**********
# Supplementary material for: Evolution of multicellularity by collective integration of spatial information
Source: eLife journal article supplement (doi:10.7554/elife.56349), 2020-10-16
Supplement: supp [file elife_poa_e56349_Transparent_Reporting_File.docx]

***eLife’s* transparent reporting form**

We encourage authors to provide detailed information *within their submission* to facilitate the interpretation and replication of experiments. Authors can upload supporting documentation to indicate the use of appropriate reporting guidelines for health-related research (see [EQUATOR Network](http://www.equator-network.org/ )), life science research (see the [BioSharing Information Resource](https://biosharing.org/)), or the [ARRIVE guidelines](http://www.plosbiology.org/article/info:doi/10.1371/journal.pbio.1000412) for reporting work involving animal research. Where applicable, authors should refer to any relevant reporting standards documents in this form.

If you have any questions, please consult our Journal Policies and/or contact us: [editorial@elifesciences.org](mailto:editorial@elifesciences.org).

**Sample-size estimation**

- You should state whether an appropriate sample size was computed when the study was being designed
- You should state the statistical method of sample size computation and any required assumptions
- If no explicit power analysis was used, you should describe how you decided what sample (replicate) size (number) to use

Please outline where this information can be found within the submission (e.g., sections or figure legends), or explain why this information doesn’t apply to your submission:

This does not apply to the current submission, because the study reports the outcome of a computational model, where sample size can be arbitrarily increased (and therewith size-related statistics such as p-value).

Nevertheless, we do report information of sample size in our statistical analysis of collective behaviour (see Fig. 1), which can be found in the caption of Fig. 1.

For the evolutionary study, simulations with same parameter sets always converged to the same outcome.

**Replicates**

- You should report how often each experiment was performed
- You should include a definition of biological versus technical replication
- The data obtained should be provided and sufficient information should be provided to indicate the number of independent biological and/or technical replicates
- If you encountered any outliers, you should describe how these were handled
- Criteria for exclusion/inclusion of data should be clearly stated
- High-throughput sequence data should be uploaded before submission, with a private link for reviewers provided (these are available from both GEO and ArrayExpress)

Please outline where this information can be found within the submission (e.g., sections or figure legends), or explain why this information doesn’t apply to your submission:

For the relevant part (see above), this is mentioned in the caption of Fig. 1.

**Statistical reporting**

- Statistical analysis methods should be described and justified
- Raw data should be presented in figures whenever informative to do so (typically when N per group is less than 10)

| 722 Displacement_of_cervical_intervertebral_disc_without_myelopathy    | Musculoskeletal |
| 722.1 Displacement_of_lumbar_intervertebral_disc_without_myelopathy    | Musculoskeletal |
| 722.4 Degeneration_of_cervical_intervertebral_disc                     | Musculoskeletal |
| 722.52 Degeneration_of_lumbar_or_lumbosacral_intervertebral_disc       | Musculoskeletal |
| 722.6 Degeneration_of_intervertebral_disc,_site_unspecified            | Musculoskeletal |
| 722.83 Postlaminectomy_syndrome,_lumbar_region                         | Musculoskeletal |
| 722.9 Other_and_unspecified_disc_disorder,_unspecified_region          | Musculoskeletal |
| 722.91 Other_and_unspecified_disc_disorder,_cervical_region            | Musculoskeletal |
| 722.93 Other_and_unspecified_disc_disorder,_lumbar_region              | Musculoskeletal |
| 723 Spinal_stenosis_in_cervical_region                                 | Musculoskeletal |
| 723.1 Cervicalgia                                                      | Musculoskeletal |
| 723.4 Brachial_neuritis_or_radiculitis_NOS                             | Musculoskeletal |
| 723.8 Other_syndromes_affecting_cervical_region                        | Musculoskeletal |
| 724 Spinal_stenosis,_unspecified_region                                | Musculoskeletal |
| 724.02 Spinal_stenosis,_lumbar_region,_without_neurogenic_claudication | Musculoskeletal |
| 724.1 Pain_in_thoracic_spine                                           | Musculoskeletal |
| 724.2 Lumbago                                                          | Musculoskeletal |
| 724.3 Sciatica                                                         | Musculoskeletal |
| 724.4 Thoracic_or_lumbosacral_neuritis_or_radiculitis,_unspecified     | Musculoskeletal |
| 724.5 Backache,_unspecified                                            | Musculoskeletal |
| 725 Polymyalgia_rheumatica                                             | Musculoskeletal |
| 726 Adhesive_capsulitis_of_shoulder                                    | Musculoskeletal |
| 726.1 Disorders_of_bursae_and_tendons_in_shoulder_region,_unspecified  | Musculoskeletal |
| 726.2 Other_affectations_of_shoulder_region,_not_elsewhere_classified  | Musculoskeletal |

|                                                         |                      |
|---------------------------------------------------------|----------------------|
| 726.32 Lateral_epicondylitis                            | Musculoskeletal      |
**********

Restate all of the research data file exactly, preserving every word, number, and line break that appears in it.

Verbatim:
# Supplementary material for: Evolution of multicellularity by collective integration of spatial information
Source: eLife journal article supplement (doi:10.7554/elife.56349), 2020-10-16
Supplement: supp [file elife_poa_e56349_Transparent_Reporting_File.docx]

***eLife’s* transparent reporting form**

We encourage authors to provide detailed information *within their submission* to facilitate the interpretation and replication of experiments. Authors can upload supporting documentation to indicate the use of appropriate reporting guidelines for health-related research (see [EQUATOR Network](http://www.equator-network.org/ )), life science research (see the [BioSharing Information Resource](https://biosharing.org/)), or the [ARRIVE guidelines](http://www.plosbiology.org/article/info:doi/10.1371/journal.pbio.1000412) for reporting work involving animal research. Where applicable, authors should refer to any relevant reporting standards documents in this form.

If you have any questions, please consult our Journal Policies and/or contact us: [editorial@elifesciences.org](mailto:editorial@elifesciences.org).

**Sample-size estimation**

- You should state whether an appropriate sample size was computed when the study was being designed
- You should state the statistical method of sample size computation and any required assumptions
- If no explicit power analysis was used, you should describe how you decided what sample (replicate) size (number) to use

Please outline where this information can be found within the submission (e.g., sections or figure legends), or explain why this information doesn’t apply to your submission:

This does not apply to the current submission, because the study reports the outcome of a computational model, where sample size can be arbitrarily increased (and therewith size-related statistics such as p-value).

Nevertheless, we do report information of sample size in our statistical analysis of collective behaviour (see Fig. 1), which can be found in the caption of Fig. 1.

For the evolutionary study, simulations with same parameter sets always converged to the same outcome.

**Replicates**

- You should report how often each experiment was performed
- You should include a definition of biological versus technical replication
- The data obtained should be provided and sufficient information should be provided to indicate the number of independent biological and/or technical replicates
- If you encountered any outliers, you should describe how these were handled
- Criteria for exclusion/inclusion of data should be clearly stated
- High-throughput sequence data should be uploaded before submission, with a private link for reviewers provided (these are available from both GEO and ArrayExpress)

Please outline where this information can be found within the submission (e.g., sections or figure legends), or explain why this information doesn’t apply to your submission:

For the relevant part (see above), this is mentioned in the caption of Fig. 1.

**Statistical reporting**

- Statistical analysis methods should be described and justified
- Raw data should be presented in figures whenever informative to do so (typically when N per group is less than 10)

| 722 Displacement_of_cervical_intervertebral_disc_without_myelopathy    | Musculoskeletal |
| 722.1 Displacement_of_lumbar_intervertebral_disc_without_myelopathy    | Musculoskeletal |
| 722.4 Degeneration_of_cervical_intervertebral_disc                     | Musculoskeletal |
| 722.52 Degeneration_of_lumbar_or_lumbosacral_intervertebral_disc       | Musculoskeletal |
| 722.6 Degeneration_of_intervertebral_disc,_site_unspecified            | Musculoskeletal |
| 722.83 Postlaminectomy_syndrome,_lumbar_region                         | Musculoskeletal |
| 722.9 Other_and_unspecified_disc_disorder,_unspecified_region          | Musculoskeletal |
| 722.91 Other_and_unspecified_disc_disorder,_cervical_region            | Musculoskeletal |
| 722.93 Other_and_unspecified_disc_disorder,_lumbar_region              | Musculoskeletal |
| 723 Spinal_stenosis_in_cervical_region                                 | Musculoskeletal |
| 723.1 Cervicalgia                                                      | Musculoskeletal |
| 723.4 Brachial_neuritis_or_radiculitis_NOS                             | Musculoskeletal |
| 723.8 Other_syndromes_affecting_cervical_region                        | Musculoskeletal |
| 724 Spinal_stenosis,_unspecified_region                                | Musculoskeletal |
| 724.02 Spinal_stenosis,_lumbar_region,_without_neurogenic_claudication | Musculoskeletal |
| 724.1 Pain_in_thoracic_spine                                           | Musculoskeletal |
| 724.2 Lumbago                                                          | Musculoskeletal |
| 724.3 Sciatica                                                         | Musculoskeletal |
| 724.4 Thoracic_or_lumbosacral_neuritis_or_radiculitis,_unspecified     | Musculoskeletal |
| 724.5 Backache,_unspecified                                            | Musculoskeletal |
| 725 Polymyalgia_rheumatica                                             | Musculoskeletal |
| 726 Adhesive_capsulitis_of_shoulder                                    | Musculoskeletal |
| 726.1 Disorders_of_bursae_and_tendons_in_shoulder_region,_unspecified  | Musculoskeletal |
| 726.2 Other_affectations_of_shoulder_region,_not_elsewhere_classified  | Musculoskeletal |

|                                                         |                      |
|---------------------------------------------------------|----------------------|
| 726.32 Lateral_epicondylitis                            | Musculoskeletal      |